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The Boston terrier, also called the Boston bull, has been dubbed "the American gentleman" because of his aristocratic, clean-cut appearance and gentle, well-mannered demeanor. As is expected of every true gentleman, the Boston terrier's history and family bloodlines are well-documented.
Boston Terrier 101
Boston terriers are well-balanced little dogs with sturdy, compact bodies. They're typically 15 to 17 inches high at the shoulder, and weigh between 10 and 25 pounds. Their smooth, sleek coats may be black, seal or brindle with white markings. Bostons carry themselves with ease and grace. Alert and highly intelligent, they learn eagerly and are profoundly sensitive to the feelings and preferences of their people. Of course, these spirited little aristocrats aren't perfect. Bostons can be stubborn, and some may bark too much or show aggression toward strange dogs.
Breeds believed to have influenced modern Boston bloodlines include the American pit bull terrier, English bull terrier, English bulldog, French bulldog and boxer. Various names for early Boston terriers were American bull terriers, round-headed bulls, round-headed terriers and bullet heads. A sour note in an otherwise distinguished bloodline, Bostons were originally bred to participate in various dog fighting sports popular in the 19th century. Fortunately, that notion for Bostons quickly disappeared as they morphed into fine companion dogs.
Early American History
According to the American Kennel Club, the ancestry of most modern Boston terriers can be traced back to a dog in Boston, Massachusetts. Circa 1870, Boston resident William O'Brien sold an imported English bulldog named Judge to Robert C. Hooper. This dog, called Hooper's Judge, was mated to a white English terrier named Kate, owned by Edward Burnett. An offspring of Judge and Kate, Wells' Eph, bred with a female named Tobin's Kate. These four dogs are considered the basic foundation for the Boston terrier we know today.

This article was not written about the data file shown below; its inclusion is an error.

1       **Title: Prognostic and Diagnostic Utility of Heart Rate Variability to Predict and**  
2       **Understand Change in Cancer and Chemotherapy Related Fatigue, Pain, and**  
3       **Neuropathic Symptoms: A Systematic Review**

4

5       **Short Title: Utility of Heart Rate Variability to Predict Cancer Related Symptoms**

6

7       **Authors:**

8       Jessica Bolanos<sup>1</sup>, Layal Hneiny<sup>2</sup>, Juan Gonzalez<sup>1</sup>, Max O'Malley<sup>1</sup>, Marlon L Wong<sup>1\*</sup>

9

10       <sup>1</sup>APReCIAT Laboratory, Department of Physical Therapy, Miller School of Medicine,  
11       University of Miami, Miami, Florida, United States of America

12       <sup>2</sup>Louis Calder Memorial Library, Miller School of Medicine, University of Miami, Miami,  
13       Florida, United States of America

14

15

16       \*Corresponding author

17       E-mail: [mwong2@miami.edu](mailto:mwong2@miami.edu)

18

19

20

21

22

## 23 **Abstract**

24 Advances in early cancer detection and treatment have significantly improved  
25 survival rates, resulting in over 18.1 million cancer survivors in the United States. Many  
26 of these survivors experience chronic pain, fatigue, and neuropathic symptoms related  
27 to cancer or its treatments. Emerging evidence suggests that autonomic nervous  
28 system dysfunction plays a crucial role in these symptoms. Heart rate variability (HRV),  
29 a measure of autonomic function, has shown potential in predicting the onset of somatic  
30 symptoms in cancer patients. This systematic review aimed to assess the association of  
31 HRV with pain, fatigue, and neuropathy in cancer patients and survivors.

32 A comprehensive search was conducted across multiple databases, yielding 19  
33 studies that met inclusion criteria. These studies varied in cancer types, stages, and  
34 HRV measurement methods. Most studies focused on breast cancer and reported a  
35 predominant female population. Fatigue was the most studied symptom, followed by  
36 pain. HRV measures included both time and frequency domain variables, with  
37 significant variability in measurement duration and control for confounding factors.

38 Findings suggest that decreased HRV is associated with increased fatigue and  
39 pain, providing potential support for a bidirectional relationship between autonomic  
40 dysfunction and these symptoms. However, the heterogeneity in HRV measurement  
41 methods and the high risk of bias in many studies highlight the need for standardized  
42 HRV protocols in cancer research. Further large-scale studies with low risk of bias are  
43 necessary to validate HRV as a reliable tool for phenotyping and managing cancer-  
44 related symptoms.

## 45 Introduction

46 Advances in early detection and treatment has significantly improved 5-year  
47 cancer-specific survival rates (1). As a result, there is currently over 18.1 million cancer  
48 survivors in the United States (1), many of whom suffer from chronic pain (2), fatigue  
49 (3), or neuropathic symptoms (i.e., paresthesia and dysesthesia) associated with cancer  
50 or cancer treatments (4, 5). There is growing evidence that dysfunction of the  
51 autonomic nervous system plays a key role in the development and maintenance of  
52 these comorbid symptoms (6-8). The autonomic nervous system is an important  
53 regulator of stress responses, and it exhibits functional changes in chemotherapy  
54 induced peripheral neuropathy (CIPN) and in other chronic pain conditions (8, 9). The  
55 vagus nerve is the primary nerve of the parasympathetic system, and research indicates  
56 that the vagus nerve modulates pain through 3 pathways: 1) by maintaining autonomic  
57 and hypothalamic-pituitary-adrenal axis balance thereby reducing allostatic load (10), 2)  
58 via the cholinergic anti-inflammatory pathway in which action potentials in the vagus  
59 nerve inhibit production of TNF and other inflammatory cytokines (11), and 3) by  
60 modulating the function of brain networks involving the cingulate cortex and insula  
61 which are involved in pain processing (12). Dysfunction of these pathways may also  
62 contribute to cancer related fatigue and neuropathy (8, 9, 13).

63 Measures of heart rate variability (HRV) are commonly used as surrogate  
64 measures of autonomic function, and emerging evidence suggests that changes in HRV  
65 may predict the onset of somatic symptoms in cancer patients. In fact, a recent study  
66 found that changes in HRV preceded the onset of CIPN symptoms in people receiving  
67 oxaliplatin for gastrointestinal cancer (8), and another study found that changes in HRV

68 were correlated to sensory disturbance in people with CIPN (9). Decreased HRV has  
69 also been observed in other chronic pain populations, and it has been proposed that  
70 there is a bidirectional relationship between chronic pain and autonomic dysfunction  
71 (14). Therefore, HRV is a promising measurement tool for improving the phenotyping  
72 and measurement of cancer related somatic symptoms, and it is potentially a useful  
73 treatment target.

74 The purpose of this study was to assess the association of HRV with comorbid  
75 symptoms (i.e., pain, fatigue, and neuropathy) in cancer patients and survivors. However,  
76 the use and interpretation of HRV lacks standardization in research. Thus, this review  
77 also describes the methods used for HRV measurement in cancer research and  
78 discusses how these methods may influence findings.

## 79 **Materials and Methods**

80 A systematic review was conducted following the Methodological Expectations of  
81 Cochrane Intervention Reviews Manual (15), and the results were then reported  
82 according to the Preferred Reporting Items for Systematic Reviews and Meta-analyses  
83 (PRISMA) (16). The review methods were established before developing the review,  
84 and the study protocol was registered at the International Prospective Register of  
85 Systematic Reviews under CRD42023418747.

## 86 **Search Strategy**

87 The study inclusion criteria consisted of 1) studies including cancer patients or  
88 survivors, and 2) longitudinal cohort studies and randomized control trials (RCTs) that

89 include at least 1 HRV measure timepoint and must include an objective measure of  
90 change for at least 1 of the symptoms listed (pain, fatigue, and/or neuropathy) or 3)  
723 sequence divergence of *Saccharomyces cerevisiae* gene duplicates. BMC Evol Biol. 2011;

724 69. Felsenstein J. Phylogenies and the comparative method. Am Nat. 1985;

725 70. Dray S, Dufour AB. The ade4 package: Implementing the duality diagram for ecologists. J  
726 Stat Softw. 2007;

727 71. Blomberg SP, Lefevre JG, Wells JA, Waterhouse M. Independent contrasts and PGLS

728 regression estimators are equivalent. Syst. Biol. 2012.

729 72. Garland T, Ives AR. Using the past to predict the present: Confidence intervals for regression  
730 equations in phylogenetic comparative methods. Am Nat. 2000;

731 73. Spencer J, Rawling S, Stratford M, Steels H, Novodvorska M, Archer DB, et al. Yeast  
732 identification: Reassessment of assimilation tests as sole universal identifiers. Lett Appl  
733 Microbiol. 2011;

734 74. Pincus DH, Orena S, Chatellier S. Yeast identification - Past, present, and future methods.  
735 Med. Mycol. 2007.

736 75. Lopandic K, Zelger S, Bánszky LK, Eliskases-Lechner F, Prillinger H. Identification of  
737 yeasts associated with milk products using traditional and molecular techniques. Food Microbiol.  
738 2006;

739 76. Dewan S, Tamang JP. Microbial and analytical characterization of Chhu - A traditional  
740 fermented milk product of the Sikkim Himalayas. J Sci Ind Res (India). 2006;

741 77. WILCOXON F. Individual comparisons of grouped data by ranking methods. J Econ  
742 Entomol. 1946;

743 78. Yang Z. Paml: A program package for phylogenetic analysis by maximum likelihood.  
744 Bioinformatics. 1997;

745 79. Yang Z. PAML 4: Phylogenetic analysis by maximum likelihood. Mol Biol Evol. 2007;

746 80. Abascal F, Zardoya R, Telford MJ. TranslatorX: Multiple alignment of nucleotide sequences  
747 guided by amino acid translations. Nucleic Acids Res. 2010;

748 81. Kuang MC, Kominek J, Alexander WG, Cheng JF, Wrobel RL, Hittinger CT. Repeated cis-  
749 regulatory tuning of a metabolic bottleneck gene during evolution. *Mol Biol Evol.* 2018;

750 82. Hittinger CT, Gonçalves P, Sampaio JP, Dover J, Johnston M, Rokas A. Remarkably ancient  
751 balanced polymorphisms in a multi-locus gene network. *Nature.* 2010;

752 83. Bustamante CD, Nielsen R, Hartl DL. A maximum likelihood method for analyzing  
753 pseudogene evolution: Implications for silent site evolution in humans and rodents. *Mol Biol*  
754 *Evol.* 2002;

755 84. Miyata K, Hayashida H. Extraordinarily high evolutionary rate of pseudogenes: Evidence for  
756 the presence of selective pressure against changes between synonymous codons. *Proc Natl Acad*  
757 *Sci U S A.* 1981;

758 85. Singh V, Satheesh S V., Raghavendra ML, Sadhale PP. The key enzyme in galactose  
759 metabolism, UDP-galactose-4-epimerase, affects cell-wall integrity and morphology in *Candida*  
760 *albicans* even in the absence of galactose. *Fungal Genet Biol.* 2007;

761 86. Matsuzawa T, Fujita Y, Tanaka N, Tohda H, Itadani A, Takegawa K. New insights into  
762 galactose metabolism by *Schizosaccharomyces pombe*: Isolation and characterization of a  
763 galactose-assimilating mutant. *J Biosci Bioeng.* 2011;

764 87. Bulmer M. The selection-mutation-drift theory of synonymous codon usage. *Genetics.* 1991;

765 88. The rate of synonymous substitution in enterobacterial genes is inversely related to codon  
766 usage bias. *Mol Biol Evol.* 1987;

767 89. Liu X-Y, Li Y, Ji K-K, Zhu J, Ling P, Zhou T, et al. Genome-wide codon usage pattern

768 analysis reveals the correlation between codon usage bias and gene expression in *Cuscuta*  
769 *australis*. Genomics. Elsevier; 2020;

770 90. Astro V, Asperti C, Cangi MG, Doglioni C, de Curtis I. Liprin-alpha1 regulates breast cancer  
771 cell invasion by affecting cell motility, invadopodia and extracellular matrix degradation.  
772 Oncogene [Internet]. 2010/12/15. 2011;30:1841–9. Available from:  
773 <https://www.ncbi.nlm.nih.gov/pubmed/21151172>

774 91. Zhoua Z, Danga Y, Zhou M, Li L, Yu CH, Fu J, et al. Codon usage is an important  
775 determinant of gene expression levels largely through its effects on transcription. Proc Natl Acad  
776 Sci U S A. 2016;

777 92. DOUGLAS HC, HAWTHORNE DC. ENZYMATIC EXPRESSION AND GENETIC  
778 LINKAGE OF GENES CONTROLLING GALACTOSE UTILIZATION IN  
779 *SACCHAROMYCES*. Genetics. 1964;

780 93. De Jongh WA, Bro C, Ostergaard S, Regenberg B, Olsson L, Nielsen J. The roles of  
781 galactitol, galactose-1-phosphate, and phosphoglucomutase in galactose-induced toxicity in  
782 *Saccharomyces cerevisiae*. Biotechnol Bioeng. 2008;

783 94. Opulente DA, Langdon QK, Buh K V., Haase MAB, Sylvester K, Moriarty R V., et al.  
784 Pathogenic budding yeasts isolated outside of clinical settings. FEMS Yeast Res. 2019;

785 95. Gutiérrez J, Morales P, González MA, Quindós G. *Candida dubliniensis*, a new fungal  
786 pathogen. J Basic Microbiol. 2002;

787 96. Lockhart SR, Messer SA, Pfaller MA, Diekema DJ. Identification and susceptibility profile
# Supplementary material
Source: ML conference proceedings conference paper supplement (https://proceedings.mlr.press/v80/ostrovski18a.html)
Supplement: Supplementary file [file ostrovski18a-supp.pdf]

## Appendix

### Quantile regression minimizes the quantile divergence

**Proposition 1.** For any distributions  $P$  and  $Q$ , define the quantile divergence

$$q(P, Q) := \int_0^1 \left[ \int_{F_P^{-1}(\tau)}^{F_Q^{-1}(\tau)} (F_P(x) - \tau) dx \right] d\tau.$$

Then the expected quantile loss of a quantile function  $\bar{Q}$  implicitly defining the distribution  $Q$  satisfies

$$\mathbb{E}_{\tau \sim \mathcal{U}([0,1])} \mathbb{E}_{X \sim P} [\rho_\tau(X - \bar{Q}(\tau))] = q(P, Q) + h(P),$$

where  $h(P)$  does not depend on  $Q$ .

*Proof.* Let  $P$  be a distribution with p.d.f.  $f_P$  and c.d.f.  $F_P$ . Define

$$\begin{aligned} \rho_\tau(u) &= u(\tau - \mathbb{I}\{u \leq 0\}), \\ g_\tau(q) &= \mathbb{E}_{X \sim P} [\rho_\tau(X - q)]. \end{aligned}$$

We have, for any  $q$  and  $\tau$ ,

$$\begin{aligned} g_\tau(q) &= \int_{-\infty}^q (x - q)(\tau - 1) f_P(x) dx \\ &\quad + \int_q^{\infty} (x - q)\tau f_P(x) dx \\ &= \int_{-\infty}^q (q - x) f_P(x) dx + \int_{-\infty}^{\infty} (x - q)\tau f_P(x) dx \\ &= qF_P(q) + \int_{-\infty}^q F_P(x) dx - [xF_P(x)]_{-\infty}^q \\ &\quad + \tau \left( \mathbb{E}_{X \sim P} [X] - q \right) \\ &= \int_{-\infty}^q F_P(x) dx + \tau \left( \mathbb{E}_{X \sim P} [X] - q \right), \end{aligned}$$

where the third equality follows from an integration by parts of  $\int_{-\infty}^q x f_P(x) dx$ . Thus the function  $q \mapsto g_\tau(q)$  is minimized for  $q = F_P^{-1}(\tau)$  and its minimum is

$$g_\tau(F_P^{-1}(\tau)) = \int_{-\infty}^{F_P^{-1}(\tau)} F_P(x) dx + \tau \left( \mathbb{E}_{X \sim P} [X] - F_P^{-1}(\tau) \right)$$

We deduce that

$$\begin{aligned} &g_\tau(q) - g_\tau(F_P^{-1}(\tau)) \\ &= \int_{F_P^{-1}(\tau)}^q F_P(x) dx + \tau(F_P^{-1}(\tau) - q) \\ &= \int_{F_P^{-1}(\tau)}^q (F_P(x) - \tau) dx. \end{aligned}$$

The Meteoric Rise
The rise of the Boston terrier from unknown mix to popular purebred took less than 25 years. By 1889, a group of Boston fanciers founded the American Bull Terrier Club and began showing dogs. Problems arose when bulldog and bull terrier fanciers opposed the name American bull terrier, arguing that it was too similar to their breed names and that the breeds were not enough alike. Determined to proceed, in 1891 enthusiasts of the new breed renamed their dogs Boston terriers and founded the Boston Terrier Club of America. The Boston terrier was officially recognized by the American Kennel Club in 1893, and by the United Kennel Club in 1914.
Despite the Boston terrier's name and bloodlines, the American Kennel Club placed the Boston in its non-sporting group. The non-sporting group is considered a bit of a "catch all," containing dogs with diverse backgrounds, appearances and character traits that don't quite fit under some of the more well-defined AKC classifications. Similarly, the United Kennel Club placed the Boston in its companion group. The companion group contains breeds that originated in one of the other UKC groups, but are considered "miniaturized" versions of those breeds who have been adapted for human companionship.